To "prove" that Aikido techniques do go against the joint, you would have to document a technique that went against the joint. Ideally the documentation would include Budo or other early works on Aikido. Off hand, I can't think of such a technique.

Like Kisshomaru Ueshiba noted, the real difference is the attitude of the practitioner.



on both points for Aikido, not going against the joint and attitude, Kisshomaru Ueshiba and Koichi Tohei are in complete aggreement.
Maybe it's not shared by every "aikidoka", but that these two men agree
on this perhaps should make those who practice aikido consider how they
practice and what their goals are in practice.

The only problem with biomechanics I see is the ways some I have seen practice ikkyo,nikkyo,sankyo that does go against the joint even though there exits just as or more effective methods that go with the joint. Certainly some displays of kotegaeshi or shihonage crank the joints against their natural direction forcing ukes to be highly trained to avoid injury. And what some call rokkyo seems to be effectively operating on hyperextension of the elbow joint in a form of an arm bar (not part of our syllabus but some Aikikai teachers do it). The open question in my mind is whether these practices are a legitimate path for Aikido or just misunderstandings about taking up slack or people introducing alterations/techniques for various reasons. Personally, it's not the path I am interested in but may be why some have trouble seeing distinctions between aikido and jujutsu.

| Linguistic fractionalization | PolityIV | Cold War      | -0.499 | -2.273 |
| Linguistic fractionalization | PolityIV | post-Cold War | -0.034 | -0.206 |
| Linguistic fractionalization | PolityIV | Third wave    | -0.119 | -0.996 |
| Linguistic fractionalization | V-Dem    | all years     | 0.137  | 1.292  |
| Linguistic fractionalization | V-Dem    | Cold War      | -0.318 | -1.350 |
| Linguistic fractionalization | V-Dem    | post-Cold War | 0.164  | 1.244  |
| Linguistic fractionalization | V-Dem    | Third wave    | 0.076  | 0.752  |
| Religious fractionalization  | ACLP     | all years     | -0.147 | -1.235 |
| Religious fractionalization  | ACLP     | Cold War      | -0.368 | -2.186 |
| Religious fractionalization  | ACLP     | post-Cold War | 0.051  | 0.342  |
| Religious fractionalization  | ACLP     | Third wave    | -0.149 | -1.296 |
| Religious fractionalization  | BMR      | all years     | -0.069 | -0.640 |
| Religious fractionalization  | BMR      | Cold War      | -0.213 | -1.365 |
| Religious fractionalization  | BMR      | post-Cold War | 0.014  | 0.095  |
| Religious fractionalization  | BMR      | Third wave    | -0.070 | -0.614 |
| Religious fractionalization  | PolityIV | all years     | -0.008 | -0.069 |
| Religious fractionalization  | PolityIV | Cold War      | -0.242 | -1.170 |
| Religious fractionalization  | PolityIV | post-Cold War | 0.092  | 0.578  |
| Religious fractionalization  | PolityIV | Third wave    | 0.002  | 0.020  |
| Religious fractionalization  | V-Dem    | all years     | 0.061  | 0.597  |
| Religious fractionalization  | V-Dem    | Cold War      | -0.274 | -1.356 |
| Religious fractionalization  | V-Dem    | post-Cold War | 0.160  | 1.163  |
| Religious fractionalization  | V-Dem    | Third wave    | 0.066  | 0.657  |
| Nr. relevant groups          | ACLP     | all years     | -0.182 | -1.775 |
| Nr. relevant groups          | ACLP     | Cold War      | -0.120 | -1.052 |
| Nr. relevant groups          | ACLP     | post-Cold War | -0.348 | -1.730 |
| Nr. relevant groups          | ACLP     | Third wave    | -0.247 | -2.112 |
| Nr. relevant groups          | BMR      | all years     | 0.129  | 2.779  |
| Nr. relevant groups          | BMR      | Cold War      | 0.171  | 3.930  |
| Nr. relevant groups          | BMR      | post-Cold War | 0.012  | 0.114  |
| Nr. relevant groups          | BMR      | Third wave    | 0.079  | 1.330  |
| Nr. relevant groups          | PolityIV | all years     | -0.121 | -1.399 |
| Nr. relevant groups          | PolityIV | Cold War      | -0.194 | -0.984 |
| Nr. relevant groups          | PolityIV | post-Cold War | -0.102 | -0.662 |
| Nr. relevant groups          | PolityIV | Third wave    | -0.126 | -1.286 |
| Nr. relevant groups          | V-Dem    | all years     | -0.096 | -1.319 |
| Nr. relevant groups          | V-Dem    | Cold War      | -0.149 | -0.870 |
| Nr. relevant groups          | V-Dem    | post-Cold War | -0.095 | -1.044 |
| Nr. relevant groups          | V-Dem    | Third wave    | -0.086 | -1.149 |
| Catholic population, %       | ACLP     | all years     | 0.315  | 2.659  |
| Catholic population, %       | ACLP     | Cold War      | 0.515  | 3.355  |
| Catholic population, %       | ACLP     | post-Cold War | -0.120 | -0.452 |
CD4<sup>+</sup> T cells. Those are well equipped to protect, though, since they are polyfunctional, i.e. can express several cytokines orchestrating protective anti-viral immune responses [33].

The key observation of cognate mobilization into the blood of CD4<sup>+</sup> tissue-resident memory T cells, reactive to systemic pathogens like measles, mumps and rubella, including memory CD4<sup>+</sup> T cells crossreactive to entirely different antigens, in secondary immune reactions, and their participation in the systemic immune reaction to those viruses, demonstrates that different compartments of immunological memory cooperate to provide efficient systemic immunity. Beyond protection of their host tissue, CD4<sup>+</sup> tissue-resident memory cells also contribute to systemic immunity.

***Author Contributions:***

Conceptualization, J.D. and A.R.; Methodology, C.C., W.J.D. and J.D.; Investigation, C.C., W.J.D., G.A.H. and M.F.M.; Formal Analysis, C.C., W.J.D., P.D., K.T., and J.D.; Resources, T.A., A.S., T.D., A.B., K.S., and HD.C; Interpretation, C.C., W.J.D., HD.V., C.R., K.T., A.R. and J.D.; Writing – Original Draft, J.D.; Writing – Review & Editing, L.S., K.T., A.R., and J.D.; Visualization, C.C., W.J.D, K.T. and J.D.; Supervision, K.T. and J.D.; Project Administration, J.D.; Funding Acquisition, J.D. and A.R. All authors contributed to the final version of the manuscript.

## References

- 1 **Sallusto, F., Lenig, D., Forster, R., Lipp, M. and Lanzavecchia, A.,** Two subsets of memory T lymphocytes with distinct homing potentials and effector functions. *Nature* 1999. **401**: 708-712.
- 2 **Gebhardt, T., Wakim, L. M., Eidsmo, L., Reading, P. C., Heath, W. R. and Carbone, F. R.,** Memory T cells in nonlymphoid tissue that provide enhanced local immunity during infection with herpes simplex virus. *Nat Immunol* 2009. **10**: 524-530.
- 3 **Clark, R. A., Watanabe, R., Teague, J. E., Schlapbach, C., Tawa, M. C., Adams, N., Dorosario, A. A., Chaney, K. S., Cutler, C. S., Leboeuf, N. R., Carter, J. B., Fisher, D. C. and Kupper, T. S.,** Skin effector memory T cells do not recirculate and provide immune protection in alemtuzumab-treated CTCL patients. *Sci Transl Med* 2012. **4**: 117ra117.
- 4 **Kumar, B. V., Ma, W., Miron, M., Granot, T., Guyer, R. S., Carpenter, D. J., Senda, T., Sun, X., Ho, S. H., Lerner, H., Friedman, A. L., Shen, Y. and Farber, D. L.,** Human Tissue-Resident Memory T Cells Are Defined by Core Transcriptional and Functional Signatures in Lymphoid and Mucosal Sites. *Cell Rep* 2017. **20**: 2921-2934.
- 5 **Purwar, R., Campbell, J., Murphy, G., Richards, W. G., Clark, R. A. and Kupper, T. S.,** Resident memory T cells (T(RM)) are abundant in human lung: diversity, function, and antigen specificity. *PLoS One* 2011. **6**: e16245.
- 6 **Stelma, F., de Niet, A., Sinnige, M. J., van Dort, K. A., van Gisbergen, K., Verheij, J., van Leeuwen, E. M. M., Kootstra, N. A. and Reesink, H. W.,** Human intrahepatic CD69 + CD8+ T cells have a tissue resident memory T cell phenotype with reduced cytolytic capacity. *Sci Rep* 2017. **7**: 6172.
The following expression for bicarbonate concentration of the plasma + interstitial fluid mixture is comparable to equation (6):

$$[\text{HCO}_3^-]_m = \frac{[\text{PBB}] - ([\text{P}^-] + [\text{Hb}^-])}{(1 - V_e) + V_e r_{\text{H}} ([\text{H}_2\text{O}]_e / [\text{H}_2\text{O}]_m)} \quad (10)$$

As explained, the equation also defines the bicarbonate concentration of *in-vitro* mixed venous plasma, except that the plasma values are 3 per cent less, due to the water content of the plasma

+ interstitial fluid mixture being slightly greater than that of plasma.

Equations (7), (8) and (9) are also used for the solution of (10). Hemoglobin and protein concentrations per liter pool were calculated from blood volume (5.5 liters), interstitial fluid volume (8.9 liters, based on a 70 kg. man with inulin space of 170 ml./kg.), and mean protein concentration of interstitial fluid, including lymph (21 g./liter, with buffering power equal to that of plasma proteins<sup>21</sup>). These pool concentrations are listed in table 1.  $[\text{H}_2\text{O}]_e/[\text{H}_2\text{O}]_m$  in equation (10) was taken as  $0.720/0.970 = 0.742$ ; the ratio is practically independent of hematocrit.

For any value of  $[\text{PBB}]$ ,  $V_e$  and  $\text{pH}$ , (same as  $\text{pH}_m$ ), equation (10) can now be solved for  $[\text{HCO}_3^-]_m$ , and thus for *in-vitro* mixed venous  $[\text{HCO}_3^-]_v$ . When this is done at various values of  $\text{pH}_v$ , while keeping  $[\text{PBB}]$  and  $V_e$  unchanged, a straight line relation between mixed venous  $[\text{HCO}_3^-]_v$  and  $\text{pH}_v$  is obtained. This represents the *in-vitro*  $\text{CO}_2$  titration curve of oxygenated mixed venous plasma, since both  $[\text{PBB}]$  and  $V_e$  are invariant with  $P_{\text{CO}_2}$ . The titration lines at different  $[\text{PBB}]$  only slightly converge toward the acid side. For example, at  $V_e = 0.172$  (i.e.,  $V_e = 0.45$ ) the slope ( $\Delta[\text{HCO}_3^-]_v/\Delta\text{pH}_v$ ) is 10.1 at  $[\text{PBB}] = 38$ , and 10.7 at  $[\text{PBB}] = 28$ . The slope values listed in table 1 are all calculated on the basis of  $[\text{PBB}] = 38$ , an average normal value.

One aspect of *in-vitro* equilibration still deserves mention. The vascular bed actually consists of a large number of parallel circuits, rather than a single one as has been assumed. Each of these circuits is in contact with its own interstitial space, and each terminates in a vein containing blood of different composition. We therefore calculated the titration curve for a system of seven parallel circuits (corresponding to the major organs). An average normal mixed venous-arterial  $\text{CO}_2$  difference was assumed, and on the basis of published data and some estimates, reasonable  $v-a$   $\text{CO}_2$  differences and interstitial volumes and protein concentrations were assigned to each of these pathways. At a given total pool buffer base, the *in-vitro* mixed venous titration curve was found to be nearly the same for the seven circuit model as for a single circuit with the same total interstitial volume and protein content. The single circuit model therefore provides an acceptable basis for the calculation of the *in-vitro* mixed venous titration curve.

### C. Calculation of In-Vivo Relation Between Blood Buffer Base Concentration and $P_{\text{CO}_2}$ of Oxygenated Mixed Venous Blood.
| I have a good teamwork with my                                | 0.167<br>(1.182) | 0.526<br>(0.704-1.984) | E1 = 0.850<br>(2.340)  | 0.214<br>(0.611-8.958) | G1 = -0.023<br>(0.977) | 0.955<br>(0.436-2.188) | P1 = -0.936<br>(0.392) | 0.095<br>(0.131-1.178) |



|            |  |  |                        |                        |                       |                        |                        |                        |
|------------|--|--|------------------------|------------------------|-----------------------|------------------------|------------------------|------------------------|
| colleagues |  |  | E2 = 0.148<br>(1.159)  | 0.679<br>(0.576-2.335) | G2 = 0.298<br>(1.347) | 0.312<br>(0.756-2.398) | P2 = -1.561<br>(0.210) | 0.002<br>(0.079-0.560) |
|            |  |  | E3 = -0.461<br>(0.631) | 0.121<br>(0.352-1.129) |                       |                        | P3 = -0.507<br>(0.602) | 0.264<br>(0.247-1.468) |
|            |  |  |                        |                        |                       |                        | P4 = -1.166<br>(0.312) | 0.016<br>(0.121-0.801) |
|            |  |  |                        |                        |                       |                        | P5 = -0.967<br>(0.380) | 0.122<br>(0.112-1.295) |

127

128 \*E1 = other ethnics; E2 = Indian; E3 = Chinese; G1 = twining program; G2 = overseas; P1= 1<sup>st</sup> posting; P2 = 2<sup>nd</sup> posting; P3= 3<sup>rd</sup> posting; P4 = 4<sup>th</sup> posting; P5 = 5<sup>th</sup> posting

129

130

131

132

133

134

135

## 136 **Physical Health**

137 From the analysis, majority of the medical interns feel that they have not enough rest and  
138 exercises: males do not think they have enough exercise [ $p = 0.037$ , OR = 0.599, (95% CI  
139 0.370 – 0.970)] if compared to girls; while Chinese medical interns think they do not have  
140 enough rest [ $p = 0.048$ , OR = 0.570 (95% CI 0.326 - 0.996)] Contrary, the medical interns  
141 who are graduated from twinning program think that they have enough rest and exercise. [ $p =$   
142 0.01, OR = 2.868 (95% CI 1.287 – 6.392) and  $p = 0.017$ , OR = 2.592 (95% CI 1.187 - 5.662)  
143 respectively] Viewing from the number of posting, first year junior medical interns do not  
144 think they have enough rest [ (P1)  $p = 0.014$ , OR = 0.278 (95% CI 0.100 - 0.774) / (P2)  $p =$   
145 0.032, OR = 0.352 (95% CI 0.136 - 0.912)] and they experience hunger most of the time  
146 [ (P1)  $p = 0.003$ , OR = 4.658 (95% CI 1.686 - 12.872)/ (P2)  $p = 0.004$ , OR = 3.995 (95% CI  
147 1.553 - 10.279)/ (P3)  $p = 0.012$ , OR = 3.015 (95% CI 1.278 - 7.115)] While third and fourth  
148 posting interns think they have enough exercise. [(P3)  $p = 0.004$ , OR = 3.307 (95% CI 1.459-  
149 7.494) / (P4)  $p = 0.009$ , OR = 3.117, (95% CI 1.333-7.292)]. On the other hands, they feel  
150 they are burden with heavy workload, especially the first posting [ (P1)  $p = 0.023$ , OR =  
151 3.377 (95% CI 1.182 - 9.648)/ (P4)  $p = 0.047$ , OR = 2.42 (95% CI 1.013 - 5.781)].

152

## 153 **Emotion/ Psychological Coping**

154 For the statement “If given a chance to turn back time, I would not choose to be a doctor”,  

L. Camejo 01-04-2005 05:48 AM

Re: Locking/pinning as pain submission...
 
Quote:

on both points for Aikido, not going against the joint and attitude, Kisshomaru Ueshiba and Koichi Tohei are in complete aggreement.
Maybe it's not shared by every "aikidoka", but that these two men agree
on this perhaps should make those who practice aikido consider how they
practice and what their goals are in practice.
And the fact that other "students turned teachers" of the founder of Aikido (just like in the above case of K. Tohei and K. Ueshiba) may agree that going against the joint is part of the technical repertoire of Aikido "this perhaps should make those who practice aikido consider how they practice and what their goals are in practice" as well.:)

Of course another question is whose technical model do we want to take for a definition of "Aikido"tm and then at what point during the person's training/teaching do we want to use as the example of what constitutes "Aikido"tm technique.

Imho there is no better example or definition of what Aikido "is" or "is not" other than its Founder. I mean, he is the one who did the defining of the philosophical and technical basis of the art to begin with. Everyone else learned what he taught and put their own spin on things based on personal perceptions, previous training and realities. I don't think the "observer effect" can be totally removed from any sort of transmission system that involves the passing on of physical movements and thinking, as we all do so in slightly different ways whether we realise or not.

As such, what K. Ueshiba and K. Tohei may show (or agree on) regarding "what is Aikido" and what folks like R. Shirata, G. Shioda, M. Mochizuki or K. Tomiki may agree on as "what is Aikido" based on what they personally experienced to be "Aikido"tm as shown by the Founder at the point in his life that they trained, will both be correct as far as these students are concerned, but will both be very different in expression in many ways as well from each other.